Buying a house in Holland 5

Mortgage criteria continued

Continuing the theme of my previous article, I repeat that it is vital that you are able to show a mortgage lender your GROSS salary not your net salary.

ALL institutions’ software uses gross salary to calculate the maximum mortgage they are prepared to advance And, as yet, we have not found one that is flexible enough to “gross up” a net amount.

Embassy employees (even those in administrative grades and even those who have been here a long time) have a double problem as have employees of institutions such as the International Court.

You are – generally paid a net salary because you pay no tax anywhere. Therefore your net salary will be seen as your gross salary and the mortgage you can raise will be restricted accordingly.

Furthermore you are accredited through the Ministry of Foreign Affairs and, as such, you do not have a residency permit of any kind. While we should still be able to raise a mortgage for you it is unlikely to be more than 100% of the foreclosure value.

But – as I have said in a previous article – you should ALWAYS apply for alternative offers either directly through some of the institutions I have mentioned or through a broker such as ourselves.

You will incur no charge for the advice – even if – at the end of the day – you do not accept the advice! Nor will you incur any obligation. Therefore, for no cost or obligation you will be reasonably sure that the mortgage you do raise is the best in your circumstances.

Here are the different types of mortgage that may be available to you.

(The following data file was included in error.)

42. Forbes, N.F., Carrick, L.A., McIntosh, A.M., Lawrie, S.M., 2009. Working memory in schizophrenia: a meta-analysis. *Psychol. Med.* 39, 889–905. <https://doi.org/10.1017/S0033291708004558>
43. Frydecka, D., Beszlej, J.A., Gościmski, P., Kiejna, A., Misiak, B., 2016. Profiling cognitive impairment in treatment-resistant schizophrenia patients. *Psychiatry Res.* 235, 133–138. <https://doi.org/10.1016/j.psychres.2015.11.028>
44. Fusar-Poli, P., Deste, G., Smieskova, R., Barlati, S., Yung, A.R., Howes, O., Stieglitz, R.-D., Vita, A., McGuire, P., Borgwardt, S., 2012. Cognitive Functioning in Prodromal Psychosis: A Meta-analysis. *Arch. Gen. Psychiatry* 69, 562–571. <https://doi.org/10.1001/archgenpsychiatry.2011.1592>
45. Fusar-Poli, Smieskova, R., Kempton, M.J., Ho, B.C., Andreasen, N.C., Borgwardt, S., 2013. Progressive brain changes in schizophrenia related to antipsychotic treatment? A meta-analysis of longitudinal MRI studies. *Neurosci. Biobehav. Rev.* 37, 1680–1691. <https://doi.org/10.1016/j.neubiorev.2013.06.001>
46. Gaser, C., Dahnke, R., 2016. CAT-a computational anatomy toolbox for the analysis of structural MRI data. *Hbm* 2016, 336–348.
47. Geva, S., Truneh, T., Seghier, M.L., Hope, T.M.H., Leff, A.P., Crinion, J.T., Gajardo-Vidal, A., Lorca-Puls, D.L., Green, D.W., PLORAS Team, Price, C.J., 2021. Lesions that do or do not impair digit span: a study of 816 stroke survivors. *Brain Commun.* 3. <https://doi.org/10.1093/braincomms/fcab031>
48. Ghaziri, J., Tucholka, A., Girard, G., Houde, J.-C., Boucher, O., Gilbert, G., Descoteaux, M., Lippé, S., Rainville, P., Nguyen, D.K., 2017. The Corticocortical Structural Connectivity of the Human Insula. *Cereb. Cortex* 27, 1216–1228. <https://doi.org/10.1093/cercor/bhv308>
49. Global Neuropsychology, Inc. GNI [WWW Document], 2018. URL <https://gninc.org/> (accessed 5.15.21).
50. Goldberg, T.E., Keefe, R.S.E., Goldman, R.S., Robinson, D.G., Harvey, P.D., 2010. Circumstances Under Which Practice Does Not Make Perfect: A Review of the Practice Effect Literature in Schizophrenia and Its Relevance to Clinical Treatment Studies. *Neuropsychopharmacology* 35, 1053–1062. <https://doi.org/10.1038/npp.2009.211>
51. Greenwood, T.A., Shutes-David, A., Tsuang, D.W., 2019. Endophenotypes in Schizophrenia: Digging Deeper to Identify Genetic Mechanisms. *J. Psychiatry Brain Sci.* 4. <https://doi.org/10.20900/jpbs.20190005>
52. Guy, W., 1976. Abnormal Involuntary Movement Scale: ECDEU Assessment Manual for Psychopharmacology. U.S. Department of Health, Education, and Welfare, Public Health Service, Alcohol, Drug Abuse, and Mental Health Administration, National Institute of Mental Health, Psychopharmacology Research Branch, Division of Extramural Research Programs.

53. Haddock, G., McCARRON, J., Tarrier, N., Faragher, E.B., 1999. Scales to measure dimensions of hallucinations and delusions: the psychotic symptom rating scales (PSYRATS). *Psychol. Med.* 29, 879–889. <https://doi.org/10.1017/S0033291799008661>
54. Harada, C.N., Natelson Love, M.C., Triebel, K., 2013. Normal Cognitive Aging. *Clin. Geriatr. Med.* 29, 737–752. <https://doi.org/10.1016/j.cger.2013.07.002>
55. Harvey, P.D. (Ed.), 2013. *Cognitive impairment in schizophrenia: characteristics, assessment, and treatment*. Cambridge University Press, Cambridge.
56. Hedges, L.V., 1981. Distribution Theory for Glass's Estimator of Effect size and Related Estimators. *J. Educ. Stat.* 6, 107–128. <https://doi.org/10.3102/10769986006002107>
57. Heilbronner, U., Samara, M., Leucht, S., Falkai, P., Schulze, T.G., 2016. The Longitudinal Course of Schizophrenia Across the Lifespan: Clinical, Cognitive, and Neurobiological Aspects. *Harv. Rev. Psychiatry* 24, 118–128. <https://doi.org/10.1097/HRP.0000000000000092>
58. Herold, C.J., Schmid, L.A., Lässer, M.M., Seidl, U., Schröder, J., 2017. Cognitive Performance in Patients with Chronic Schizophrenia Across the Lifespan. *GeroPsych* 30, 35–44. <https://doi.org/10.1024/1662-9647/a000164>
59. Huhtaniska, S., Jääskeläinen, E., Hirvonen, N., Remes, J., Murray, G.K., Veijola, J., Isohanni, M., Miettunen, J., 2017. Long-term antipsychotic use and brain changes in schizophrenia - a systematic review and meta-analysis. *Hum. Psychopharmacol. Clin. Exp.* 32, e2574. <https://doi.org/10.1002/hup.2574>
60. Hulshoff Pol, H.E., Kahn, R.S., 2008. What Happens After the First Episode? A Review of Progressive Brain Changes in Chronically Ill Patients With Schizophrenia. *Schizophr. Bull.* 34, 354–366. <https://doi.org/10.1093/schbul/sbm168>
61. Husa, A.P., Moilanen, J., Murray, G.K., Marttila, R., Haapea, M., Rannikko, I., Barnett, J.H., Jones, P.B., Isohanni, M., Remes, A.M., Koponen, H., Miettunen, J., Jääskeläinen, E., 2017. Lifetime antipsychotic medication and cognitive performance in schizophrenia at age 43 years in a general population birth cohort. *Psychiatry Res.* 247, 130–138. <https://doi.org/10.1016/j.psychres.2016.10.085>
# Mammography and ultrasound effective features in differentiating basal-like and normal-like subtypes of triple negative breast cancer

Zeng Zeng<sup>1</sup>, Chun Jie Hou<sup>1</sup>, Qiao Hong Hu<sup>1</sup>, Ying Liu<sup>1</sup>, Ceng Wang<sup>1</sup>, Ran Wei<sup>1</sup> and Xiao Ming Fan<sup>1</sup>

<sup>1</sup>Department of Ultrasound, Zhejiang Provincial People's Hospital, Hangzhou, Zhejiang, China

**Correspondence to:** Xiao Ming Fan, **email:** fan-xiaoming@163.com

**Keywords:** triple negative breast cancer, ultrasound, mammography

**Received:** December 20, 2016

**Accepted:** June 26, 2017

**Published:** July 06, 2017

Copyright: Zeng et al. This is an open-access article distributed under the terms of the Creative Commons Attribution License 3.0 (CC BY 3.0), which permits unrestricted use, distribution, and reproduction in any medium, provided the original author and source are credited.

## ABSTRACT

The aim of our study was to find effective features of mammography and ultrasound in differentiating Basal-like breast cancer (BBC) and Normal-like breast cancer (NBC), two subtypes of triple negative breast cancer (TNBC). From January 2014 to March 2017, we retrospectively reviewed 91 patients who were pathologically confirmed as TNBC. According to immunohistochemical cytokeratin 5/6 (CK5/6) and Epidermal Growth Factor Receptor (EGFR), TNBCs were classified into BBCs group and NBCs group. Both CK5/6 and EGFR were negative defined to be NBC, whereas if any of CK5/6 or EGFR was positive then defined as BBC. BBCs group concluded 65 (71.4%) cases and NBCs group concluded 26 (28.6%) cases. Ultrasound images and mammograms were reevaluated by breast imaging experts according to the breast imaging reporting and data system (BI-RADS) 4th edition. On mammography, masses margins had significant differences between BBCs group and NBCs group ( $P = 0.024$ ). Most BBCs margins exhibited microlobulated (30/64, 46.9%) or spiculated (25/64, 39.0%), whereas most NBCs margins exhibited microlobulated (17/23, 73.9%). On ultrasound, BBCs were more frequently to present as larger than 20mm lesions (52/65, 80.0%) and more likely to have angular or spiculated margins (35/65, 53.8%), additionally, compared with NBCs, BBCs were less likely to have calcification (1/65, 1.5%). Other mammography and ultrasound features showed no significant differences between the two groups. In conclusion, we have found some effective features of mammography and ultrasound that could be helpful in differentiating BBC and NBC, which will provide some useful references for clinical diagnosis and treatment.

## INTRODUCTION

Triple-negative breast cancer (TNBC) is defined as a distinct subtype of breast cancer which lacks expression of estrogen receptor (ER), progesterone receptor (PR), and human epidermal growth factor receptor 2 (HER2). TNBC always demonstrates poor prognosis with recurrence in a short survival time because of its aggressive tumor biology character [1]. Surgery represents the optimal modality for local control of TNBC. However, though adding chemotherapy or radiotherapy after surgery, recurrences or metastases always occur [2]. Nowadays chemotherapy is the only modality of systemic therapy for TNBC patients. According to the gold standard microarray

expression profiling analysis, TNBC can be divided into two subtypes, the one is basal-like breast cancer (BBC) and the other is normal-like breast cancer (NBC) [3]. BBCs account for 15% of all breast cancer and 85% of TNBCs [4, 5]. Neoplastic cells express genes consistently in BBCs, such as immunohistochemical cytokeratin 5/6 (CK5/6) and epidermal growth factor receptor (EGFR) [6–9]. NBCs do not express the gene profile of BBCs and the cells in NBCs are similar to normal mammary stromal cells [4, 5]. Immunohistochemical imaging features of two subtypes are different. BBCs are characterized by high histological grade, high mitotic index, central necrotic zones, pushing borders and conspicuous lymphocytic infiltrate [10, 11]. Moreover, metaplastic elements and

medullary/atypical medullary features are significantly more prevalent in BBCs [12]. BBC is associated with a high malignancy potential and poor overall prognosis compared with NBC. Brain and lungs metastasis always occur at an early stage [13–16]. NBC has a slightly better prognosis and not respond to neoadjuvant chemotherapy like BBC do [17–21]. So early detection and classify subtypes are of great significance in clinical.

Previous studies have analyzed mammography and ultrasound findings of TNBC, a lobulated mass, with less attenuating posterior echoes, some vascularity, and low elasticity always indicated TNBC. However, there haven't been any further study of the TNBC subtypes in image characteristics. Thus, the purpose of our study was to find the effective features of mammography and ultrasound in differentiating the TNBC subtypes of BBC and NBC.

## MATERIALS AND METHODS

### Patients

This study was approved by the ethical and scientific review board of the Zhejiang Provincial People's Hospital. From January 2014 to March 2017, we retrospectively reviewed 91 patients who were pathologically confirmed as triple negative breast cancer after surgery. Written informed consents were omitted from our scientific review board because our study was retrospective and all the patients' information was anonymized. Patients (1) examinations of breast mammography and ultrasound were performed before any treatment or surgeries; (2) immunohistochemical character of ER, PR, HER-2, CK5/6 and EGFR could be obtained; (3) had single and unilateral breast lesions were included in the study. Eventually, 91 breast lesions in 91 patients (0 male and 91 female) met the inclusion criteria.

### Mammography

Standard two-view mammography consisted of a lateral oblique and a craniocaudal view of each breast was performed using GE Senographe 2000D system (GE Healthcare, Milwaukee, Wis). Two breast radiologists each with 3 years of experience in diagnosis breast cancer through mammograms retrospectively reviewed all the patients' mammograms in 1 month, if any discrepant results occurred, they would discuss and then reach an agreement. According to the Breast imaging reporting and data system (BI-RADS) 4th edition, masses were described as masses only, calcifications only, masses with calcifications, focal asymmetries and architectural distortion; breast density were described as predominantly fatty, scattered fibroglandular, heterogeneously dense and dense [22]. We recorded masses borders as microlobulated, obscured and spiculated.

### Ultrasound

Interest only. It is unlikely that you will get this kind of mortgage to cover the full cost of buying but you may well use it in combination with one of the other types of mortgage.


Effectively all interest payable over the term of the mortgage is added to the capital and then the total divided into equal monthly payments. In the first year ‘repayments’ are about 98% interest and 2% capital. These ratios change from year to year so that in your final year it is 98% capital and 2% interest. Fine if you intend to sell up and go within (say) 5 years. But, if you stay longer, your tax position gets worse since you will be (a) paying more tax as your salary increases and (b) getting less relief on a reducing amount of interest!

Leven (or spaar)

Roughly equivalent to a UK endowment mortgage. To be avoided at all costs. Firstly “growth” in the savings plan is the same as the mortgage interest. Thus - with low interest rates – the “premium” to the savings plan must be higher to meet the repayment goal at the end of the term. Secondly these plans have high “up front” costs so, if you sell up and leave in (say) less than 10 years you end up with an endowment policy that is not worth even the premiums you have paid.


Actually this is the trade name of the plan of one of the institutions that we deal with. Similar to an endowment policy but using a so-called “unit linked” savings plan. Premiums tend to be considerably lower than a “levensplan” but my comments about cost still apply.

Beleggers. (Investment)

Available through most banks and one or two insurance companies. You pay interest only on the mortgage whilst paying into a savings plan linked directly to the investment funds of the bank. For expatriates this is the best type of mortgage by far since there are virtually no costs attached to the savings plan. When you sell, so long as the sale proceeds enough to cover the mortgage, the savings – together with all growth – reverts to you with no cost and no tax to pay.

Peter Gibney is a consultant with Strategies based in Dordrecht. Strategies are a fully licensed insurance broker/financial advisor specialising in the expatriate market. Any questions arising from this series of articles or other none related matters may be directed to Peter on {phone} 078 844 0879 or {fax} 084 751 2944 or {e-mail}

This article has been submitted by Peter Gibney

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